by Jan David Winitz
President and Founder, Claremont Rug Company
To know art deeply is a great adventure that yields extraordinary rewards. It allows us to value life more fully. Art reminds us that we each have an inner life that wishes to be expressed. Haunting, finely detailed drawings created 30,000 years ago on the walls of the Chauvet Cave in southern France suggest that there have always been artists among us who have been moved to communicate their sense of wonder at the world.
Wall painting in Chauvet Cave created 30,000 years ago
Building a relationship with art, either as its creator or as a viewer, taps into a human birthright and offers one of the most satisfying experiences we can have. Great art communicates substantially without the need for words. I relate to Abstract painter Mark Rothko’s claim that “people break down and cry when confronted with my pictures.”
I have always been deeply attracted to art, studying early statues of Grecian and Roman deities, Old Master and Impressionist paintings, reading Goethe, Dostoyevsky and Joyce, listening to Beethoven and Chopin. But it was my exposure, at an early age, to the art of great Oriental carpets that taught and enriched me the most. Through the end of the 19th century, the best Persian carpet weavers were the recipients of an unbroken artistic tradition that spans more than 2,500 years, one that harmoniously married form and color into a profound expression of universal significance.
Although collecting art brings many dividends, the most precious is when an artwork touches this essential aspect. I have long held two experiences as my standard, and expect art to affect me nonverbally and non-conceptually. One was when, while still in college, I visited Florence and saw Michelangelo’s David for the first time. I recall the experience vividly. Time became secondary and my mind grew quiet. For the next two hours, there was nothing I desired but to converse with this towering form. Looking back, I understand now that the harmonious impression communicated by this massive piece of carved marble nourished a deeper aspect of myself that I had seldom been in touch with.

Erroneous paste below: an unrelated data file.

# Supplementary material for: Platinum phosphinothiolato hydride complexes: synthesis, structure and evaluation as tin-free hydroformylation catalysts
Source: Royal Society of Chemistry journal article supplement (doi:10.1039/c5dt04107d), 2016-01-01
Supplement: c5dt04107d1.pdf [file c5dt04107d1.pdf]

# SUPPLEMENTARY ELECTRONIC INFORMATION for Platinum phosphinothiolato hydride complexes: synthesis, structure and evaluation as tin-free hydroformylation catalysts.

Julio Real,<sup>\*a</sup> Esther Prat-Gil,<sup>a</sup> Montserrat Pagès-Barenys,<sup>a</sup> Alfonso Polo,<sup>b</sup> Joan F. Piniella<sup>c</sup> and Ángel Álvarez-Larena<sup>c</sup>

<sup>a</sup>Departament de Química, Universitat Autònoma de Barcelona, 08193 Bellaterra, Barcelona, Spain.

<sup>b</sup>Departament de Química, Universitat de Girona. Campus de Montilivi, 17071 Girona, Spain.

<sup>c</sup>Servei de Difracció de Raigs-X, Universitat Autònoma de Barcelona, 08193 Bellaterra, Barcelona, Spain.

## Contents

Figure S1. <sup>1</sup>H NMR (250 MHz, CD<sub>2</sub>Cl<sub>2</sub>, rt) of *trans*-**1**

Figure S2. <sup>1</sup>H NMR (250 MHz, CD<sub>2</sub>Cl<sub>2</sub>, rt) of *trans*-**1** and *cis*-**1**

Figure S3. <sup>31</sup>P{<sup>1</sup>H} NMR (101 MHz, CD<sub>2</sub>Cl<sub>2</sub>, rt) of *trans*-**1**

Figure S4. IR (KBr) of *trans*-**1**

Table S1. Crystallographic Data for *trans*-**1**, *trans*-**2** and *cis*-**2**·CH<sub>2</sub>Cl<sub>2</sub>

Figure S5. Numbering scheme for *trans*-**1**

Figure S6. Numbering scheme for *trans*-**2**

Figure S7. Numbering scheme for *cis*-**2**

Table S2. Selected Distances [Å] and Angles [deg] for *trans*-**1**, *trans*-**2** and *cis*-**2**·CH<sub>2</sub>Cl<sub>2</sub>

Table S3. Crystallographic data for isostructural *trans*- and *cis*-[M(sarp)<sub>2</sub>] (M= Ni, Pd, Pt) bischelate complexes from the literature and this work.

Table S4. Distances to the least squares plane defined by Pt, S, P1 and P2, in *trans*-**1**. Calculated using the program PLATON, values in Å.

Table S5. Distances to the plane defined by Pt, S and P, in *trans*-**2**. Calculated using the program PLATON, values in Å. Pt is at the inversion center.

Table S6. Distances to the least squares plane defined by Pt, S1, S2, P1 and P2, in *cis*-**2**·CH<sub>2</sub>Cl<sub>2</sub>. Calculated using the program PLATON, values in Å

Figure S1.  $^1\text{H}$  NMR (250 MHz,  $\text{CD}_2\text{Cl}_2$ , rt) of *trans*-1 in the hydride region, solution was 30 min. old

My Bakshaish Dragon and Phoenix Rug, early 19th century
The second experience came well before I started my gallery close to 4 decades ago; I bought my first truly great Oriental carpet, an elemental Dragon and Phoenix Persian Bakshaish that hangs in my office at my gallery to this day. It was a rare find then. In today’s market, it would be monumental. Though I’ve written and lectured about rug symbolism for decades, I’m more entranced by the power of this carpet today than when I first viewed it. Within a grand uncluttered medallion, four dragons face the minimalist depiction of phoenix heads, representing the masculine and feminine forces blending on the cosmic level.
Around them and in the borders prance and meander numerous stylized animals, flowers and plants that serve as a microcosmic reflection of the cosmic forces depicted in its medallion. In his book, The Shock of The New, the formidable New York Times art critic Robert Hughes wrote, “The basic project of art is always to make the world whole and comprehensible, to restore it to us in all its glory not through argument but through feeling, and then to close the gap between you and everything that is not you, and in this way pass from feeling to meaning.”
& The Fruits That It Yields”